Victor has a good point. There has been a lot written of late on the potentially harmful effects from ingestion of BPA incidental to its use in many plastic objects with which we regularly come into contact. The biggest worries have to do with the health of the fetus and infants. Animal studies indicate that even low levels of BPA in the mother can result in neural and behavioral changes in the infant, especially those related to the development of normal sex-based differences between males and females. But in this case, as in so many others relating to the potentially harmful effects of trace contaminants, the evidence directly relating to humans is nonexistent or inconclusive. In response to much concern, a great many studies have been conducted. The results of all these were recently summarized in a report from the Center for the Evalution of Risks to Human Reproduction. Two things come to mind as I read through this lengthy, detailed report: First, there has been a vast amount of study of the biological effects of BPA. Secondly, it is devilishly difficult to conclude with any level of certainty the extent of the risk that BPA poses to humans. In a kind of battle of agencies, the FDA issued a report in August 2008 suggesting BPA is not something to worry about. That report was blasted by environmental and consumer groups such as the Consumers Union. It's hard to know for sure, but on the basis of the CERHR report I believe that there is little cause for adults to worry, unless they are put into extensive contact with BPA in a work environment. On the other hand, while direct evidence relating to humans is lacking, the studies with rats and mice show that BPA does pose significant dangers in the prenatal and infant stages of life.
How should we respond when faced with a state of knowledge that falls far short of certainty? First we need to assess the authority with which scientific evidence can be called into play. In this case, the evidence, though indirect, is sufficiently compelling to make a case that every effort should be made to minimize exposure of the fetus and infant to BPA. Science in this case provides no certainty, only indirect indications that BPA might cause problems. Animal responses to toxins often fail to mirror those of humans. Sometimes the animals show greater sensitivity than humans, sometimes less. Nonetheless, there is a general similarity in responses, and it is often possible, as in this case, to trace the biological pathways taken by the substance under study to achieve some degree of confidence in inferences based on animal results.
Second, in deciding what response to make to a potential risk, we should invoke the Precautionary Principle, which is embodied in such folk sayings as "look before you leap", and "better safe than sorry". In short, it has to do with the avoidance of risk. In the case of the popcorn popper Victor is applying the principle to say that if there is any chance that using the plastic popcorn popper will increase our granddaughter's body load of BPA, she should avoid using it. This is not a difficult decision for them to make. There are ways to make popcorn that avoid the contact with heated plastic. But for manufacturers who use BPA in a host of applications, the search for a substitute can be arduous and expensive. Substitutes have already come on the market to replace BPA-containing water bottles, baby bottles and infant formula cans. But for some uses, no alternative known to be safe in all respects has been identified. For example, food cans and soft drink cans are lined with a polymer formed from BPA. The amount of BPA that finds its way into the contents of the can is very small, but many environmental groups have lobbied against continued use of the liners.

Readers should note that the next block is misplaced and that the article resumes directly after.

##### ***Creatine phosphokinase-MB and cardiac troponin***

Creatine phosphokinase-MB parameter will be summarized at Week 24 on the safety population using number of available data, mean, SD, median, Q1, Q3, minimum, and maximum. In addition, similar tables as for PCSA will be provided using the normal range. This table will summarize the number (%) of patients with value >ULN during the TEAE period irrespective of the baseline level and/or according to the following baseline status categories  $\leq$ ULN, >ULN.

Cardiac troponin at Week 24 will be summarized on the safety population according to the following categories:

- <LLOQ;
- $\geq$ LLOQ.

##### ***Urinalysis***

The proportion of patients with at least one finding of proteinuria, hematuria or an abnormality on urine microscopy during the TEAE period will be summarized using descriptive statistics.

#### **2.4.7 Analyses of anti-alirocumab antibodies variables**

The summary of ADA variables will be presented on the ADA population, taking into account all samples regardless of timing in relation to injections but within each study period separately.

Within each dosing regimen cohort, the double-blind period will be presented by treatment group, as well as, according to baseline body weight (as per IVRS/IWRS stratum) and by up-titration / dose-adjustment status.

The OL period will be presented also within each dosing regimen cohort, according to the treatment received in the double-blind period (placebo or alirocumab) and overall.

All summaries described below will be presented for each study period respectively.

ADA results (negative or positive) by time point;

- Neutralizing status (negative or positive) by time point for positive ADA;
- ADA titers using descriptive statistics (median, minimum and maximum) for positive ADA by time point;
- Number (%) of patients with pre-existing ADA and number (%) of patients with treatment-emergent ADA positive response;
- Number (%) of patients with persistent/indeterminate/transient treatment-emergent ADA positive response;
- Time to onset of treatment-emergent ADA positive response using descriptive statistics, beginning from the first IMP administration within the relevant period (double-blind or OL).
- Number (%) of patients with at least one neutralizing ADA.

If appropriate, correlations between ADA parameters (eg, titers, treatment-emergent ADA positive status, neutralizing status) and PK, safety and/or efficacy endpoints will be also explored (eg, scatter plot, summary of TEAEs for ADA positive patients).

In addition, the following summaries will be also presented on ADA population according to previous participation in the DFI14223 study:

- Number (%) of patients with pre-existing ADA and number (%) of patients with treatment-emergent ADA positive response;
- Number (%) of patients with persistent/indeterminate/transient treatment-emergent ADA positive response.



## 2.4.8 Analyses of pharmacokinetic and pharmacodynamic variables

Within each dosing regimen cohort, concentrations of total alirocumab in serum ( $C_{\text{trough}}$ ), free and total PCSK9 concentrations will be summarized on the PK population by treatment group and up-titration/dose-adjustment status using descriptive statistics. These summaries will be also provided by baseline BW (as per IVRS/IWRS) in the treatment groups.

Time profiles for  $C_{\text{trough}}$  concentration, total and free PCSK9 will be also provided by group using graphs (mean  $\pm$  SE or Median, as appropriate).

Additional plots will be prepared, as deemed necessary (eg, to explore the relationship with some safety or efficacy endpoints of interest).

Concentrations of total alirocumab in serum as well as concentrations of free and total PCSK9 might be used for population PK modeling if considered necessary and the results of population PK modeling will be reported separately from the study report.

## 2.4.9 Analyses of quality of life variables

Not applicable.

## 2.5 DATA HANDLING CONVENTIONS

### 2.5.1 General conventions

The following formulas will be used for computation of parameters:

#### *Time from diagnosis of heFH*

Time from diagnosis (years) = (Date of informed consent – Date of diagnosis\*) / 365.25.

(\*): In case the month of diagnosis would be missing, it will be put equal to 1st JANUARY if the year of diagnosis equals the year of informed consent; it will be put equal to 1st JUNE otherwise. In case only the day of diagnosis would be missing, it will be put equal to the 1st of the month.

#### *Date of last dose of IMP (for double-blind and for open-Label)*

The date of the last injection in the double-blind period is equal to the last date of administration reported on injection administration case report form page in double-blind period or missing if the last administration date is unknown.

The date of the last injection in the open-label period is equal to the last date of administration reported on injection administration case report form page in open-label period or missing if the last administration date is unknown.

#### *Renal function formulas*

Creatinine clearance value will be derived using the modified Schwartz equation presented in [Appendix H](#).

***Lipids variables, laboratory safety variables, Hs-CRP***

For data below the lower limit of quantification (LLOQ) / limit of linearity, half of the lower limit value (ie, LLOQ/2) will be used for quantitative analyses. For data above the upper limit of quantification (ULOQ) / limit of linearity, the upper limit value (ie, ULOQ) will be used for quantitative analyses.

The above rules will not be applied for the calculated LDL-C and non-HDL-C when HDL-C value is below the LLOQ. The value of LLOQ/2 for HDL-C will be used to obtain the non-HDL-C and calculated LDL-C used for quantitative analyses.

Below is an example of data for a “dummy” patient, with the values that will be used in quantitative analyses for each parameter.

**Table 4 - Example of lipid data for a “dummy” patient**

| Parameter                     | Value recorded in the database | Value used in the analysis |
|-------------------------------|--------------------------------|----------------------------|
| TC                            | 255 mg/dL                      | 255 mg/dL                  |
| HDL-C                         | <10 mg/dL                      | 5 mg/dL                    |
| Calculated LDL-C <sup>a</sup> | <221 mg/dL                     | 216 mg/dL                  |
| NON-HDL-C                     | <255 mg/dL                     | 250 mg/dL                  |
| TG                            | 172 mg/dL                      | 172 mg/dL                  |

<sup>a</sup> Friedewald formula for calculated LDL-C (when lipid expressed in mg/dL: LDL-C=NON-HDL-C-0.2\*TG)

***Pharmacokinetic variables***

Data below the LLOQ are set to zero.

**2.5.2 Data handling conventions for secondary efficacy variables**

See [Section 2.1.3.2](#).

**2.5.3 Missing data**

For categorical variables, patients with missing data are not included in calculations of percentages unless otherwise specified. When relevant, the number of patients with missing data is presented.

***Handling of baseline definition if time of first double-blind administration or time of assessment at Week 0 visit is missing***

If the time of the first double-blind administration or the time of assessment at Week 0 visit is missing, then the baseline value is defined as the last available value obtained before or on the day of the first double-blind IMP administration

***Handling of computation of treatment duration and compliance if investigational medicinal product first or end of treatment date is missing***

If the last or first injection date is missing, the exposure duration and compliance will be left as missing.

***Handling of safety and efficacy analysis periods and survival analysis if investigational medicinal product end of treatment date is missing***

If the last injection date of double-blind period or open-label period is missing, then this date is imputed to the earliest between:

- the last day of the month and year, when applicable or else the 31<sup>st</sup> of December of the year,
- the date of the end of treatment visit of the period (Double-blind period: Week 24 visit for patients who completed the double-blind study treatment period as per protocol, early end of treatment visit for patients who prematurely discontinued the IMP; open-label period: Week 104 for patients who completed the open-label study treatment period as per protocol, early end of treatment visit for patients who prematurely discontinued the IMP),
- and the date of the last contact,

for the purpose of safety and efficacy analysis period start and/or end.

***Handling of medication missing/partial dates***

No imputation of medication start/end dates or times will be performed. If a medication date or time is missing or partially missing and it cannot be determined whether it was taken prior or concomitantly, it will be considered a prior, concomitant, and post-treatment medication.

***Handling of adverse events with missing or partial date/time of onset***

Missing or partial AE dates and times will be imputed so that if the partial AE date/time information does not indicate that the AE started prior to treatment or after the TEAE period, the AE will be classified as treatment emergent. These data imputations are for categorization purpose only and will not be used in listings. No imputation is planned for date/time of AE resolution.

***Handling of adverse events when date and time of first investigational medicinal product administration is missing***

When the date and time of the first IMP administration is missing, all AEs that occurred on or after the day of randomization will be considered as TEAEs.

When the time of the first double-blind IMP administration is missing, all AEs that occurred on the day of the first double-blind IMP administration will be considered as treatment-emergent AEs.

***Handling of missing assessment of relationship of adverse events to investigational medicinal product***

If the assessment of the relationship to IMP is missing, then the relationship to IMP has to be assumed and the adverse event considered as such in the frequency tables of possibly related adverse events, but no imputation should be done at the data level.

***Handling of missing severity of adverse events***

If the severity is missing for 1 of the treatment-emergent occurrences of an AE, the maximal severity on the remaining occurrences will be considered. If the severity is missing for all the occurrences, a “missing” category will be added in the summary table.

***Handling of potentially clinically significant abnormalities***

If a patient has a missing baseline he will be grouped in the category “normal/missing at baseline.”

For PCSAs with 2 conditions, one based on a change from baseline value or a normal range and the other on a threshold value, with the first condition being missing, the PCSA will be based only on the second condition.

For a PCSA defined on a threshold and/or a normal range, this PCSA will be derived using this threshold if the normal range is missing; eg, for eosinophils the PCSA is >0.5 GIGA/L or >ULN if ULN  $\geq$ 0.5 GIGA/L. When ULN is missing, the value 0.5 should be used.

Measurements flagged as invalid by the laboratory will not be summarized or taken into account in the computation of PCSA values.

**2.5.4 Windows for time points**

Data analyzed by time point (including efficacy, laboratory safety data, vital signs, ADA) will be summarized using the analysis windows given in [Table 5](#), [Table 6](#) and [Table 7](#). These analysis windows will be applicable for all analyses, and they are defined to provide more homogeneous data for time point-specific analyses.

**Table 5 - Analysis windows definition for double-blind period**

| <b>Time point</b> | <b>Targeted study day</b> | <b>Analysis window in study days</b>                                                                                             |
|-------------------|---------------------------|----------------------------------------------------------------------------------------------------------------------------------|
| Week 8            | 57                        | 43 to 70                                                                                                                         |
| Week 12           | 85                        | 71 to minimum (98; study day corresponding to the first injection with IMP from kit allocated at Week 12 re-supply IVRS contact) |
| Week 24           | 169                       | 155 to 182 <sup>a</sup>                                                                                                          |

Enter again the Precautionary Principle. Manufacturers of BPA-containing products are eager to point to the many virtues of plastics in our everyday lives. They stress their safety and the lack of definitive evidence that BPA produces any harmful effects in adults. And there is another side to the Precautionary Principle coin. In an effort to avoid a potentially harmful effect of some action or use, we might inadvertantly create an even greater harm. The American Chemistry Council, an association of chemical companies, makes the point that the plastic liners of cans help to prevent food poisoning. If that's true, and if lives are saved by the use of plastic liners, their removal might do more harm than the potential harm from ingestion of tiny amounts of BPA.
Cass R. Sunstein, writing in the journal Deadalus, [ Sunstein, Cass R. "Taking Precautions", Daedalus, Spring 2008, p. 49] discusses the difficulties in employing the Precautionary Principle as a source of concrete guidance. The problem is that we seldom know all the relevant risks. So we continue to struggle to find the appropriate place for science to exercise an authority consistent with what it can claim to know. Many nonscientists mistakenly expect that real science produces bulletproof answers to the questions put before it. However, the science we draw upon to address issues that affect society in the here and now more often than not can deliver only hedged bets.